Research is integral if you want to meet demands of teaching, professor says

30th November 2012 at 00:00

Research skills are "essential" for a teacher to meet the job's changing demands, insists the University of Dundee's dean of education, social work and community education.

"Research is integral" if teaching is to be viewed as a profession, said Yolande Muschamp, who gave the opening address at the Scottish Educational Research Association's annual conference in Ayr.

"The essential aspect of being a professional is the autonomy that it brings," said Professor Muschamp. "However, with autonomy comes responsibility."

That responsibility demanded decision-making underpinned by expertise.

"It is inconceivable to imagine that this expertise can be acquired without research skills," she said. "Even if the professional role does not require the role-holder to be research-active, it will require the professional to be able to read and interpret and evaluate research findings. Research skills are therefore essential."

She believes that teachers, as professionals, should be confident in aspects of research methodology including data collection and analysis, and have the ability to recognise, understand and use "theoretical perspectives", whether philosophical, historical, psychological or sociological.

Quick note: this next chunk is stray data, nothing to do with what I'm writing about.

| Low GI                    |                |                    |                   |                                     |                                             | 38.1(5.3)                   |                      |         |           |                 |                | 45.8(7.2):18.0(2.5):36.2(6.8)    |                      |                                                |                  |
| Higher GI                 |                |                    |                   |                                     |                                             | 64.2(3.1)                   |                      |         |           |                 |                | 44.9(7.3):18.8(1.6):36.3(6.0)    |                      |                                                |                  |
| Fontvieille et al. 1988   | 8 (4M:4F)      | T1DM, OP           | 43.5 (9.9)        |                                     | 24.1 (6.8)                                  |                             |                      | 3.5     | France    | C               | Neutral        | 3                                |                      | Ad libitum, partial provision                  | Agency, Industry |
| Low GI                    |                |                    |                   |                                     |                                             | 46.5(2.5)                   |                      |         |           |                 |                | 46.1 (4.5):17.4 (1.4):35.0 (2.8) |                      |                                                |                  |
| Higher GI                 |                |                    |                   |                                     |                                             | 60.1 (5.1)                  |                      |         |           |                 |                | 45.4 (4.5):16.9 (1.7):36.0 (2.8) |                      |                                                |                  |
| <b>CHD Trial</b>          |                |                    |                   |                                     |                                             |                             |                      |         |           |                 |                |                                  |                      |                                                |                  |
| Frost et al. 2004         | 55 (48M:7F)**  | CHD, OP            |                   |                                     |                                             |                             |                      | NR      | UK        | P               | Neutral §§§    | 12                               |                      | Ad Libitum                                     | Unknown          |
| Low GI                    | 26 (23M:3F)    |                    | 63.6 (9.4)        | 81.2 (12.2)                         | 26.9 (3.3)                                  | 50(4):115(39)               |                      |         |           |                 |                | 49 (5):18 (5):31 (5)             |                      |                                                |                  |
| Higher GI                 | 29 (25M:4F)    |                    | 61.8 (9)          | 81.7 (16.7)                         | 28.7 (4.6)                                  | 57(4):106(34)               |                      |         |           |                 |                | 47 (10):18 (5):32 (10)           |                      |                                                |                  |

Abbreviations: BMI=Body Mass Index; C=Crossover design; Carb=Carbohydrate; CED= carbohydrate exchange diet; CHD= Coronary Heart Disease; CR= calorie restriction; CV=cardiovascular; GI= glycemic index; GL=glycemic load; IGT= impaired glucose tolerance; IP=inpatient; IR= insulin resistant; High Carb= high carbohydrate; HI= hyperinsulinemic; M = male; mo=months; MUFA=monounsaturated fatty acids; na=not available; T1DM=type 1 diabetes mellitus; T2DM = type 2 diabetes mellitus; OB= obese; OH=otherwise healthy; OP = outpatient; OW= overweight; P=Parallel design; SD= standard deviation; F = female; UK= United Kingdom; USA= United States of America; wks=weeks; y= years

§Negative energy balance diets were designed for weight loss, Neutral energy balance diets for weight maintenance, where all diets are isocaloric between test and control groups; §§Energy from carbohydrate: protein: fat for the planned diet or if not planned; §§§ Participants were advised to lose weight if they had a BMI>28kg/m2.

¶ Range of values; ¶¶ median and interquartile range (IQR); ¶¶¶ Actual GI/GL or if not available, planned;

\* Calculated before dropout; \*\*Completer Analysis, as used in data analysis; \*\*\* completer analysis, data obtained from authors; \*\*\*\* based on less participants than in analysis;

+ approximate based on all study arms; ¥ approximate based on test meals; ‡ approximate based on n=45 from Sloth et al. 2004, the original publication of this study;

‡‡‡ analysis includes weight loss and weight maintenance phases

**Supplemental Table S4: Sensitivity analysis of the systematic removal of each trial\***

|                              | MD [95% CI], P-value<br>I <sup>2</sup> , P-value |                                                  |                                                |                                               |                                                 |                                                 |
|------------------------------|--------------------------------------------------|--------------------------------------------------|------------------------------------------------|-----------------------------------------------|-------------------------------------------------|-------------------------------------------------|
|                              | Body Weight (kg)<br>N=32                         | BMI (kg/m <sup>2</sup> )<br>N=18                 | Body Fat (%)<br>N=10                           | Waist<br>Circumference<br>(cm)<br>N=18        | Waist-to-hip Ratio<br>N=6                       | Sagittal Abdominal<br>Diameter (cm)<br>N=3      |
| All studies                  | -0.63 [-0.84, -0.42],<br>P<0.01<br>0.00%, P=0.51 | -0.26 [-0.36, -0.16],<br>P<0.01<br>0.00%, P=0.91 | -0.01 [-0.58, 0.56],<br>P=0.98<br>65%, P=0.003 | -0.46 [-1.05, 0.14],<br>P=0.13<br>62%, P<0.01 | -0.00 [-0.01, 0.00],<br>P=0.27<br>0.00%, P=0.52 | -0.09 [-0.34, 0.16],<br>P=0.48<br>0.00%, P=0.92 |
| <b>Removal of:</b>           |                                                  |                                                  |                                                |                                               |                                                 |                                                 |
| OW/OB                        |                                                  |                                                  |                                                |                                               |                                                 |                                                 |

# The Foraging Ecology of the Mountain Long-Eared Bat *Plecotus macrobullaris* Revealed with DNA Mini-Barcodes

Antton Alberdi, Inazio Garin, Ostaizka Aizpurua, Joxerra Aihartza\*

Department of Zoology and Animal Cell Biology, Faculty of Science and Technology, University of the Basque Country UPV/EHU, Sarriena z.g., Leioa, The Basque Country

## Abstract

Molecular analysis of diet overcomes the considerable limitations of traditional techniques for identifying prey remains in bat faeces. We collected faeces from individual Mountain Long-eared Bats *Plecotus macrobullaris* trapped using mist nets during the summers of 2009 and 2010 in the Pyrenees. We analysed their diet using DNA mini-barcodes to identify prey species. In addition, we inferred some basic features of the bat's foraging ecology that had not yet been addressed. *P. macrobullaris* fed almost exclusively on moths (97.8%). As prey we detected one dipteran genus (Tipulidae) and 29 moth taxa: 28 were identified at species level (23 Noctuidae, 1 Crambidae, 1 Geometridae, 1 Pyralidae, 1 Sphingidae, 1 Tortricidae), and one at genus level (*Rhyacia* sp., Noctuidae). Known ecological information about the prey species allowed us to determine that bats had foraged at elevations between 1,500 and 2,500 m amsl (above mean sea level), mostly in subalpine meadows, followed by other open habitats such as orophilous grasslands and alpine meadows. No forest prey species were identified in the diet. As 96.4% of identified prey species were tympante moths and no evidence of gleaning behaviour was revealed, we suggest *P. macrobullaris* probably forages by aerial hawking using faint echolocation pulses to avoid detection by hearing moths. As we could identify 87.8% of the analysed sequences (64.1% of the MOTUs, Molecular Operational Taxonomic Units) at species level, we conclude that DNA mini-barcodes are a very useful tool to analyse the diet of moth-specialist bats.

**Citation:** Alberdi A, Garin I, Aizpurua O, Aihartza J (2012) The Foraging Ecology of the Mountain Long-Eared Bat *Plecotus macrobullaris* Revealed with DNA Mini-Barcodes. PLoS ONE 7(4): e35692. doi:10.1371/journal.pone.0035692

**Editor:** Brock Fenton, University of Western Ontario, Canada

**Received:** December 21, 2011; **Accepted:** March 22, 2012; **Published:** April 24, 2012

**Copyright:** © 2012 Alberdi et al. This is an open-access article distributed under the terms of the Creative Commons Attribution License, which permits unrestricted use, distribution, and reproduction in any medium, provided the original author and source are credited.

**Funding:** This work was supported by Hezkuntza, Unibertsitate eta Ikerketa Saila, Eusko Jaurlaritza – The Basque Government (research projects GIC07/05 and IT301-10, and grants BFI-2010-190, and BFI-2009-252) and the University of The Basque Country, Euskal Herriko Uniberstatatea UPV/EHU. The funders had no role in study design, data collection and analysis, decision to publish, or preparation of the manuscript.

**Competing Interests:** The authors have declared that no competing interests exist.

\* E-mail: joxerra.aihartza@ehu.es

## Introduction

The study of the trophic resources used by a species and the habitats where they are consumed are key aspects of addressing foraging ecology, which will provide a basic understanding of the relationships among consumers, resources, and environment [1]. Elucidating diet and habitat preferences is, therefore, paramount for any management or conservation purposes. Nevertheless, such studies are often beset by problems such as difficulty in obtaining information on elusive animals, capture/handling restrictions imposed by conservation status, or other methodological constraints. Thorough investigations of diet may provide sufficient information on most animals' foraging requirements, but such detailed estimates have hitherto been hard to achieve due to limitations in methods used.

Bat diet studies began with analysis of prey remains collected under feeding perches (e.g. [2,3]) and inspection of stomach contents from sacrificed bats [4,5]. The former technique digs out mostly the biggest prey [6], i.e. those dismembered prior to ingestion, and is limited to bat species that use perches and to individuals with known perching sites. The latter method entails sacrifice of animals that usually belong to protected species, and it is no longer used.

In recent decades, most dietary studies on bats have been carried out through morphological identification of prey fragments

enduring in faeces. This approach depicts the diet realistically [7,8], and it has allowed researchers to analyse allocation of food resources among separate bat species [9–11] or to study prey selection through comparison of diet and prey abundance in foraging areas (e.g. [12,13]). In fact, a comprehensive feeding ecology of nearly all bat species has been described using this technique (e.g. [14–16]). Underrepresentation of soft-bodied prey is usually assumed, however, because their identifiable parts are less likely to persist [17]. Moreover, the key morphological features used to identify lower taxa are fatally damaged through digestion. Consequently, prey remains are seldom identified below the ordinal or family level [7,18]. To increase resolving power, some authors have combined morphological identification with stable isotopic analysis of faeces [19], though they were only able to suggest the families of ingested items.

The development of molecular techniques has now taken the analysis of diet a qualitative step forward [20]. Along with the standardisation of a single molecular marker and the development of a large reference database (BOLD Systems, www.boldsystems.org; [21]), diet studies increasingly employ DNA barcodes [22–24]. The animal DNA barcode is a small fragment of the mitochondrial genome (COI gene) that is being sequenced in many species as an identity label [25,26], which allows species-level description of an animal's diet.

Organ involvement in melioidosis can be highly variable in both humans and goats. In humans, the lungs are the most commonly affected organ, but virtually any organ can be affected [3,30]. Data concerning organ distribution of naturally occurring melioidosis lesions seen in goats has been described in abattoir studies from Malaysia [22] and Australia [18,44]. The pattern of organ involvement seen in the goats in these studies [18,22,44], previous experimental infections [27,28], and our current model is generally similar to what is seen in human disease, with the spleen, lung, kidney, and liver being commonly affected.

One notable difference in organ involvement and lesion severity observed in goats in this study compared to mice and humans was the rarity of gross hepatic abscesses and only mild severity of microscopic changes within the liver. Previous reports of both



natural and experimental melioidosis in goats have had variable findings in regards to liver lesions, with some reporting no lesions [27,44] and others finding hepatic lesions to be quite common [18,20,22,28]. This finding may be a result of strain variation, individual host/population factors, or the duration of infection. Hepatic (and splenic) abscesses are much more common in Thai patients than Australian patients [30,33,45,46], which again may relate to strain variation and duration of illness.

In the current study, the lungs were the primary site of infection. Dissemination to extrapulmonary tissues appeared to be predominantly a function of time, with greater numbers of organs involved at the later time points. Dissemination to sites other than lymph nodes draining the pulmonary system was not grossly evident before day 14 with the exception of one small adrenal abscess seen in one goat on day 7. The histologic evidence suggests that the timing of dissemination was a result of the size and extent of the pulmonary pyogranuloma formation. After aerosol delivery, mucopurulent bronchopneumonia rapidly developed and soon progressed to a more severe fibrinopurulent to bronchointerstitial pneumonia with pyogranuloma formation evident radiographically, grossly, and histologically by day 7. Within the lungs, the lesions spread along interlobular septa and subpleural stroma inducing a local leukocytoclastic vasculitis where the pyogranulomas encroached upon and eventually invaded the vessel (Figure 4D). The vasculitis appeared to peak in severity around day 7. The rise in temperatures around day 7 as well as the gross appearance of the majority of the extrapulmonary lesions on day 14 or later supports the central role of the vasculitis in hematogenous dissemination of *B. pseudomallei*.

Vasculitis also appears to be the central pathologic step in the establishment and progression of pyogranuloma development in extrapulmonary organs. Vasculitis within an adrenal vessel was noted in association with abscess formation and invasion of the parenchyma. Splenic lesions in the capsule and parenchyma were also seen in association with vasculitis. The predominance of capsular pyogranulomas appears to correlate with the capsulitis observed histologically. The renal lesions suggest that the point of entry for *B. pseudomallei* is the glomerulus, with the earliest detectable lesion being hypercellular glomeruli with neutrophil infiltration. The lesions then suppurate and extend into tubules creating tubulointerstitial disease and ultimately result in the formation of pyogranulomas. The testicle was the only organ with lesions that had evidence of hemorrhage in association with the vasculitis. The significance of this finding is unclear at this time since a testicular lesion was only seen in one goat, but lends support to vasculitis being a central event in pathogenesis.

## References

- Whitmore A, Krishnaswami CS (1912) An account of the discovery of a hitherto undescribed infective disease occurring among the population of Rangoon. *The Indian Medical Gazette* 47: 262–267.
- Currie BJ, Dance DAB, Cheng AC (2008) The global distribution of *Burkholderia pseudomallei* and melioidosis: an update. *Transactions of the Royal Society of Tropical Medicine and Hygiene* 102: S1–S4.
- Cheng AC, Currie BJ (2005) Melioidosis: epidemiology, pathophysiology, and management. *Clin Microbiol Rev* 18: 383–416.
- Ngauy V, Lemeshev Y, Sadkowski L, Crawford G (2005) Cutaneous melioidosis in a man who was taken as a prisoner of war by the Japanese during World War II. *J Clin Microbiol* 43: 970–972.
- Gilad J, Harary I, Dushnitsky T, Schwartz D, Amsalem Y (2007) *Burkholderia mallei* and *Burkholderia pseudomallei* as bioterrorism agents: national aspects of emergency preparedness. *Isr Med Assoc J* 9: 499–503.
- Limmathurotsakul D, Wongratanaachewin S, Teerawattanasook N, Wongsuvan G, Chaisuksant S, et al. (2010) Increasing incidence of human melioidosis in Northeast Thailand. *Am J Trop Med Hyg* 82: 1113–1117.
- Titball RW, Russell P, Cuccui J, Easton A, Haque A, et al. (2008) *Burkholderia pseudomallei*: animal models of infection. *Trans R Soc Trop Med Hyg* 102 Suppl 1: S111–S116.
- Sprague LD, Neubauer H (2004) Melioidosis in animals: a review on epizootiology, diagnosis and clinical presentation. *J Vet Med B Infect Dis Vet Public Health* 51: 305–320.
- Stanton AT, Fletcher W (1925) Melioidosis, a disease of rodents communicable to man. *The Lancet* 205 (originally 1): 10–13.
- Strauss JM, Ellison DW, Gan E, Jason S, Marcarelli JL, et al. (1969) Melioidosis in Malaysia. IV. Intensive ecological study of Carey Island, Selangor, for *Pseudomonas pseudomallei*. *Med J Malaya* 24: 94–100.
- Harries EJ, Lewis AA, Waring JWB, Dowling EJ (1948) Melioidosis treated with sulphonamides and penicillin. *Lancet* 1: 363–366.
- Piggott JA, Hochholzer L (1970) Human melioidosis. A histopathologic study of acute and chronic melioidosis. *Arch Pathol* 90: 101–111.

Such expertise was part of what made the professional model of teaching distinct from what she described as the craft model ("training conducted by using a predominantly modelling approach with an emphasis on practice") and the technology model ("dominated by prescribed methods and curricula").

"A professional is able to recognise and understand and use these theoretical perspectives," she said.

"Without this understanding, decisions are made at the parochial level of 'We've always done it this way' of the craft model, and the 'We have to do it this way' of the technology model."

Professor Muschamp highlighted "scholarship" as an aspect of research methodology with which teachers should be confident.

Scholarship had been defined in UK higher education's Research Excellence Framework as "the creation, development and maintenance of the intellectual infrastructure of subjects and disciplines, in forms such as dictionaries, scholarly editions, catalogues and contributions to major research databases".

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